Cecilia/Book 1/Chapter iv
Eager to renew a conversation which had afforded her so much pleasure, Cecilia, neither sensible of fatigue from her change of hours nor her journey, arose with the light, and as soon as she was dressed, hastened to the breakfast apartment.
She had not, however, been more impatient to enter than she soon became to quit it; for though not much surprized to find herself there before her friend, her ardour for waiting her arrival was somewhat chilled, upon finding the fire but just lighted, the room cold, and the servants still employed in putting it in order.
At 10 o'clock she made another attempt: the room was then better prepared for her reception, but still it was empty. Again she was retiring, when the appearance of Mr Arnott stopped her.
He expressed his surprize at her early rising, in a manner that marked the pleasure it gave to him; and then, returning to the conversation of the preceding evening, he expatiated with warmth and feeling upon the happiness of his boyish days, remembered every circumstance belonging to the plays in which they had formerly been companions, and dwelt upon every incident with a minuteness of delight that shewed his unwillingness ever to have done with the subject.
This discourse detained her till they were joined by Mrs Harrel, and then another, more gay and more general succeeded to it.
During their breakfast, Miss Larolles was announced as a visitor to Cecilia, to whom she immediately advanced with the intimacy of an old acquaintance, taking her hand, and assuring her she could no longer defer the honour of waiting upon her.
Cecilia, much amazed at this warmth of civility from one to whom she was almost a stranger, received her compliment rather coldly; but Miss Larolles, without consulting her looks, or attending to her manner, proceeded to express the earnest desire she had long had to be known to her; to hope they should meet very often; to declare nothing could make her so happy; and to beg leave to recommend to her notice her own milliner.
"I assure you," she continued, "she has all Paris in her disposal; the sweetest caps! the most beautiful trimmings! and her ribbons are quite divine! It is the most dangerous thing you can conceive to go near her; I never trust myself in her room but I am sure to be ruined. If you please, I'll take you to her this morning."
"If her acquaintance is so ruinous," said Cecilia, "I think I had better avoid it."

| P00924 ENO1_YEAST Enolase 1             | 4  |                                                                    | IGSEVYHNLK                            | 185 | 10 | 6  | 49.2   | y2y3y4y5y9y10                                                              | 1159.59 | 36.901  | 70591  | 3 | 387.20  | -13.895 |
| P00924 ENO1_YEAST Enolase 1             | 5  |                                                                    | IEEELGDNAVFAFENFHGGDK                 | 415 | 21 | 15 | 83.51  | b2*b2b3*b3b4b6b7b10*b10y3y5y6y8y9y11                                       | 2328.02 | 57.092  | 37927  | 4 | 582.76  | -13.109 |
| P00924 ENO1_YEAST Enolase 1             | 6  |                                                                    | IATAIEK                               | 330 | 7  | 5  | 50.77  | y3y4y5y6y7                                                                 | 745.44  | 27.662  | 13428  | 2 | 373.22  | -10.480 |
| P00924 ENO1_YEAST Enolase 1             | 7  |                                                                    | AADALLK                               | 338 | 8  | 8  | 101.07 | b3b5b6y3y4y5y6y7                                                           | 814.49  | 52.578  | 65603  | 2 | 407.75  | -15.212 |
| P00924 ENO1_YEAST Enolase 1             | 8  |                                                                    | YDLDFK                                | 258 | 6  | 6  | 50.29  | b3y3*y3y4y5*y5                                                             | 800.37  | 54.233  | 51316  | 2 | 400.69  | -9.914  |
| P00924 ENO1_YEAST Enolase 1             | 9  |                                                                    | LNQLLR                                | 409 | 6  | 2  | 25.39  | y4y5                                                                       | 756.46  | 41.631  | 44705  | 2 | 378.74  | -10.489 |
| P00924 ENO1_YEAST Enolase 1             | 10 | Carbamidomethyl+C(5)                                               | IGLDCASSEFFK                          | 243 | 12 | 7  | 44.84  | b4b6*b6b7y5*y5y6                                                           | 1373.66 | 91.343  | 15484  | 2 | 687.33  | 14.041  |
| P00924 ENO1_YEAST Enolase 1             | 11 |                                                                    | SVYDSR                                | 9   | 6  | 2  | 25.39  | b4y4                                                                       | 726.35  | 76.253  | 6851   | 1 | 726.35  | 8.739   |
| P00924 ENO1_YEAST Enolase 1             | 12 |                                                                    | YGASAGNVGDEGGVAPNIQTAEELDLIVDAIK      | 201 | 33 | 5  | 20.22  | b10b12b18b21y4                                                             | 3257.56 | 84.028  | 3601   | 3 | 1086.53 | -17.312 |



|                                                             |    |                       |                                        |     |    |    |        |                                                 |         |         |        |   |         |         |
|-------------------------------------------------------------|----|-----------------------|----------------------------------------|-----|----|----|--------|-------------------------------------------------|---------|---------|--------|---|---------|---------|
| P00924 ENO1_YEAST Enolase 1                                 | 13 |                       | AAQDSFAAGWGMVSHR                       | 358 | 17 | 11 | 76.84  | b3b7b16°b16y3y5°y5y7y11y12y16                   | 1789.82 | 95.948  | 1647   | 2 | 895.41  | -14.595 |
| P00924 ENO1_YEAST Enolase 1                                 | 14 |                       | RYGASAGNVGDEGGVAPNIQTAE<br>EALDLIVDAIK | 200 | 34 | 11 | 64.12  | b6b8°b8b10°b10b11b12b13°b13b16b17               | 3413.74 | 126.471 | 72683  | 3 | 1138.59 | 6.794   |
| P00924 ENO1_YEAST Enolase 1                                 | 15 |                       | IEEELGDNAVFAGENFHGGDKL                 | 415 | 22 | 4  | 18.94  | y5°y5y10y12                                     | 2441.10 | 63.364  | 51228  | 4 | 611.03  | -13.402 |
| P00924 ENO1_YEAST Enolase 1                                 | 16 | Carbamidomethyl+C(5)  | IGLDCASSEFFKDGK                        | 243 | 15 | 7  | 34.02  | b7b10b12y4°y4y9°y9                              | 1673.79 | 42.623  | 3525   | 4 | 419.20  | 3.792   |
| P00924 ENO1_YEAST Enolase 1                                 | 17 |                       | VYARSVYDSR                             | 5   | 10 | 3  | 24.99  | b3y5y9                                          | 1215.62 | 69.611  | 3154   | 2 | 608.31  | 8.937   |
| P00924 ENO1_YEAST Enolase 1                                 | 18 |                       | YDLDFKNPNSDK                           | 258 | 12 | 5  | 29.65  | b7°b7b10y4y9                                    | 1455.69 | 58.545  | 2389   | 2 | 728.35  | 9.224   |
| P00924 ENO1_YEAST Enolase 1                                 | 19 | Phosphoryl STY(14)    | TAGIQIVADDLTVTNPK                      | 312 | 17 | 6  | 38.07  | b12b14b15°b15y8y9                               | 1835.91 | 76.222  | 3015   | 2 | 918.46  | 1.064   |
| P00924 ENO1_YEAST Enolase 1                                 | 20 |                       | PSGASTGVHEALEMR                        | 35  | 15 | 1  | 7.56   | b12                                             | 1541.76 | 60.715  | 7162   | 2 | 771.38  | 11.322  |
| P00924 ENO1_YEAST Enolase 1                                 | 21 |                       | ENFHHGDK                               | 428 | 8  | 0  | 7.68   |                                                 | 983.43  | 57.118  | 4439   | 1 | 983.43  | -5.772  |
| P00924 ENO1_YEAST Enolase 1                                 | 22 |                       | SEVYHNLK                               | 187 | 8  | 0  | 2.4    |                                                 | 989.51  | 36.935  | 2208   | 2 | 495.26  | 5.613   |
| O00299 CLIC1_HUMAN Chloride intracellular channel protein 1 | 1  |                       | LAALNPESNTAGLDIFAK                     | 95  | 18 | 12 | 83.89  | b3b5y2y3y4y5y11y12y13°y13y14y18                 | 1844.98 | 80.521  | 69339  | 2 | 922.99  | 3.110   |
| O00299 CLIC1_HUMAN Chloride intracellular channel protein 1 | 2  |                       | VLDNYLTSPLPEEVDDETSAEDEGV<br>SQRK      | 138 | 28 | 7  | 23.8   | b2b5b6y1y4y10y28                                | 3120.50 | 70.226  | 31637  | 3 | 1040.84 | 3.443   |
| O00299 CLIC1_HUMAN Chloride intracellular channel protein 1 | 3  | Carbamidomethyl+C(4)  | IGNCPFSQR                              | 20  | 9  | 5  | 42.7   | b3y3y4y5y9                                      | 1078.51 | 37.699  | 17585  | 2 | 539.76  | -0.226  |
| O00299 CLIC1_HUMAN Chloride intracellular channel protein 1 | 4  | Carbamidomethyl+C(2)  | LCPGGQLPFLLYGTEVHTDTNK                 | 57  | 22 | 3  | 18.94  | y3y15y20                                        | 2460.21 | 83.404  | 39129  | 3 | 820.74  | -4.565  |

"Oh, impossible! there's no such thing as living without her. To be sure she's shockingly dear, that I must own; but then who can wonder? She makes such sweet things, 'tis impossible to pay her too much for them."
Mrs Harrel now joining in the recommendation, the party was agreed upon, and accompanied by Mr Arnott, the ladies proceeded to the house of the milliner.
Here the raptures of Miss Larolles were again excited: she viewed the finery displayed with delight inexpressible, enquired who were the intended possessors, heard their names with envy, and sighed with all the bitterness of mortification that she was unable to order home almost everything she looked at.
Having finished their business here, they proceeded to various other dress manufacturers, in whose praises Miss Larolles was almost equally eloquent, and to appropriate whose goods she was almost equally earnest: and then, after attending this loquacious young lady to her father's house, Mrs Harrel and Cecilia returned to their own.
Cecilia rejoiced at the separation, and congratulated herself that the rest of the day might be spent alone with her friend.
"Why, no," said Mrs Harrel, "not absolutely alone, for I expect some company at night."
"Company again to-night?"
"Nay, don't be frightened, for it will be a very small party; not more than fifteen or twenty in all."
"Is that so small a party?" said Cecilia, smiling; "and how short a time since would you, as well as I, have reckoned it a large one!"
"Oh, you mean when I lived in the country," returned Mrs Harrel; "but what in the world could I know of parties or company then?"
"Not much, indeed," said Cecilia, "as my present ignorance shews."
They then parted to dress for dinner.
The company of this evening were again all strangers to Cecilia, except Miss Leeson, who was seated next to her, and whose frigid looks again compelled her to observe the same silence she so resolutely practised herself. Yet not the less was her internal surprise that a lady who seemed determined neither to give nor receive any entertainment, should repeatedly chuse to show herself in a company with no part of which she associated.
Mr Arnott, who contrived to occupy the seat on her other side, suffered not the silence with which her fair neighbour had infected her to spread any further: he talked, indeed, upon no new subject; and upon the old one, of their former sports and amusements, he had already exhausted all that was worth being mentioned; but not yet had he exhausted the pleasure he received from the theme; it seemed always fresh and always enchanting to him; it employed his thoughts, regaled his imagination, and enlivened his discourse. Cecilia in vain tried to change it for another; he quitted it only by compulsion, and returned to it with redoubled eagerness.